In This Issue
This issue of Direction will appear shortly before the Mennonite World Conference convenes at the end of July in Wichita, Kansas. As a salute to this Conference, the editors have solicited articles which reflect the variety of our relations with other Mennonites and with Mennonite Brethren and other Christians in other parts of the world.
In the lead article, John A. Toews combines the forward vision appropriate to the Moderator of the General Conference of the North American Mennonite Brethren with the historical perspective demonstrated as the writer of A History of the Mennonite Brethren Church. He summons us both to repentance for past failures and to boldness in new ventures.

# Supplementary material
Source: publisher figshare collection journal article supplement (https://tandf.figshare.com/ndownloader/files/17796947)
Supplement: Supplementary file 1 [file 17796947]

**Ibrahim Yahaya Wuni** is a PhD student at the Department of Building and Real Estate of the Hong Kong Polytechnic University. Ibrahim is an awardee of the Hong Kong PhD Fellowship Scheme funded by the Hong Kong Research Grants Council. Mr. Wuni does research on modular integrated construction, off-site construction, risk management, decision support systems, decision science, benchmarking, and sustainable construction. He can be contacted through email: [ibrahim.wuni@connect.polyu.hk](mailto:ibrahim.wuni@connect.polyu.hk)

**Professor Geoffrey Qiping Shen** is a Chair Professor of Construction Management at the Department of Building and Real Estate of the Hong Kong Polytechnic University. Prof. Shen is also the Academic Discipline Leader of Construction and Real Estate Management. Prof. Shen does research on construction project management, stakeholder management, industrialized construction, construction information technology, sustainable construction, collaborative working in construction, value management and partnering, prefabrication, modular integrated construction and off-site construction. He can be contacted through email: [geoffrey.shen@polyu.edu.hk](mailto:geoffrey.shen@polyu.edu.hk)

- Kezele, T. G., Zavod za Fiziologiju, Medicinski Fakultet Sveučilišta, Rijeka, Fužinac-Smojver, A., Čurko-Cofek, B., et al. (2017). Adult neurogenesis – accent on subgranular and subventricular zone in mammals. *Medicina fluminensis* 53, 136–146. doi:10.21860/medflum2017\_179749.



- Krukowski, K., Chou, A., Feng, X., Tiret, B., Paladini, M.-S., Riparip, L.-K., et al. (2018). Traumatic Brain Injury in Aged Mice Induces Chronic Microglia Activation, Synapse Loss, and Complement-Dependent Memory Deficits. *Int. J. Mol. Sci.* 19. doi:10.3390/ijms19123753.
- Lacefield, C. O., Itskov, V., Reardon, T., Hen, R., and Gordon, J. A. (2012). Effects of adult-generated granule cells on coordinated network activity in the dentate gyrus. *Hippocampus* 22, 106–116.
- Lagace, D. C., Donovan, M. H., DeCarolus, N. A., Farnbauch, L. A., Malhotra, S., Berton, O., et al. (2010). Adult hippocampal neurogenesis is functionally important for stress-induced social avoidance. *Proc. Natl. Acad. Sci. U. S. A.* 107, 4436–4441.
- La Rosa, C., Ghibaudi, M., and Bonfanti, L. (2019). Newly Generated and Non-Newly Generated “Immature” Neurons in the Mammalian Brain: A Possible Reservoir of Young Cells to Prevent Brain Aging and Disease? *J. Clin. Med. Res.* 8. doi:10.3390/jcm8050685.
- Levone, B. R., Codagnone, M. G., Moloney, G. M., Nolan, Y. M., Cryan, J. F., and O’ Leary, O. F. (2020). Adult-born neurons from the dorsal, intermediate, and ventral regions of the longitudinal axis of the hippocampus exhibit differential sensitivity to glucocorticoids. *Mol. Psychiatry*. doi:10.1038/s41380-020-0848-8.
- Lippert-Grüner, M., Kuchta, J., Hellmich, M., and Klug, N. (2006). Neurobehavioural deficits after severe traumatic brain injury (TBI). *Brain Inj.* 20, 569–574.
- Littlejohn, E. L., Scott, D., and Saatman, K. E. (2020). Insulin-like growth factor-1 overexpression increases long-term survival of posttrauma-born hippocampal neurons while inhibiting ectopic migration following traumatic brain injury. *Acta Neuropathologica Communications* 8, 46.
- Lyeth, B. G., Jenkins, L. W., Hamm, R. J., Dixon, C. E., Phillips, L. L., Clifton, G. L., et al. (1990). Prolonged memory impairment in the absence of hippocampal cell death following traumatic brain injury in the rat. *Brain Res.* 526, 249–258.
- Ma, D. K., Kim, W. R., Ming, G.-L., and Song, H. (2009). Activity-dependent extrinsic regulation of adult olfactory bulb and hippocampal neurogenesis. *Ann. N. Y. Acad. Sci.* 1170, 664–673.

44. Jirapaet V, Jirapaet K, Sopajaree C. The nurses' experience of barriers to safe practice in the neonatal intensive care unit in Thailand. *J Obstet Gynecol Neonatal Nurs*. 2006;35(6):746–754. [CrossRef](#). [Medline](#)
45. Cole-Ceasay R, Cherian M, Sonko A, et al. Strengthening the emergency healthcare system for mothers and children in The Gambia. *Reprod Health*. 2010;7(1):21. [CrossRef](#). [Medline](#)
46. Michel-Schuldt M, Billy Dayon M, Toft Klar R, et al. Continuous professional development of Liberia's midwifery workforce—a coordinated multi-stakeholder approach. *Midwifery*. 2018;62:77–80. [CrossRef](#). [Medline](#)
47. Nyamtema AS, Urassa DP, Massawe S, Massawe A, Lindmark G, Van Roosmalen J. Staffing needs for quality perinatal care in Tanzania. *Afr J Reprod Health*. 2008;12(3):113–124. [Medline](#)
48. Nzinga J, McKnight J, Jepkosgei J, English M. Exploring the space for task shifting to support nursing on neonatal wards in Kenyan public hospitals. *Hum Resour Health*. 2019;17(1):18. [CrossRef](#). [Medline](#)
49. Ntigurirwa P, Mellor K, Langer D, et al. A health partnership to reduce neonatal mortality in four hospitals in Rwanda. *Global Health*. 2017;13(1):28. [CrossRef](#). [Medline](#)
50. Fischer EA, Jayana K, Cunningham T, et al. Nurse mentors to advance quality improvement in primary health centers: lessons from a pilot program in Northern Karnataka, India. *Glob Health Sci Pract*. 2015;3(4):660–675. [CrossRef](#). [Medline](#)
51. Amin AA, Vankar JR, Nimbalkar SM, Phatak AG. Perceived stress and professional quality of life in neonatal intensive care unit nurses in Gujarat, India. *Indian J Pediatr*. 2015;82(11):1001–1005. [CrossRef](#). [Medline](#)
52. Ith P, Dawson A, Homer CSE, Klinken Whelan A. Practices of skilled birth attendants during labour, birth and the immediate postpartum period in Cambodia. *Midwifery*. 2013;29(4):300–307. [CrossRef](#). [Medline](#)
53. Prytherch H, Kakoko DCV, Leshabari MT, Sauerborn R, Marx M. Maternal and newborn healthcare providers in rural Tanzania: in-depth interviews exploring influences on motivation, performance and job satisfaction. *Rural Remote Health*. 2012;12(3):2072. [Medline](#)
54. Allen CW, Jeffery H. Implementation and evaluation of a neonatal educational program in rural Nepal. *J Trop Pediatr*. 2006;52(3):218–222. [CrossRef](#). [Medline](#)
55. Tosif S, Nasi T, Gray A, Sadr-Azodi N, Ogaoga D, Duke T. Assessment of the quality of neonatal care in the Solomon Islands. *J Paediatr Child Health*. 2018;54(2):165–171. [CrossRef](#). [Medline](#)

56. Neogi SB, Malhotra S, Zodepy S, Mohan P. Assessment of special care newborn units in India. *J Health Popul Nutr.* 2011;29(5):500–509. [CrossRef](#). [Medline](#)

His call for inter-Mennonite cooperation in new ways of relating to each other and the rest of the world gains credence from the articles which report on the churches of South America, China, and India.
Gerhard Ratzlaff, who is both a historian and pastor of a Paraguayan Mennonite Brethren Church, describes the sometimes rocky progress toward mutual respect and productive cooperation in mission which now generally marks the relationship of Paraguayan and North American Mennonite Brethren.
Henry G. Krahn’s sobering, yet hopeful, report on the church in China reminds us that our Western attempts to build a church in our own image seems not to be God’s continuing will. Katie Funk Wiebe reports from India that at least certain Western forms and aid remain helpful, though even here reassessment may be necessary.
And three reviewers give careful attention to important recent books by Mennonites for Mennonites on how we relate to our past, to each other, and to our present age.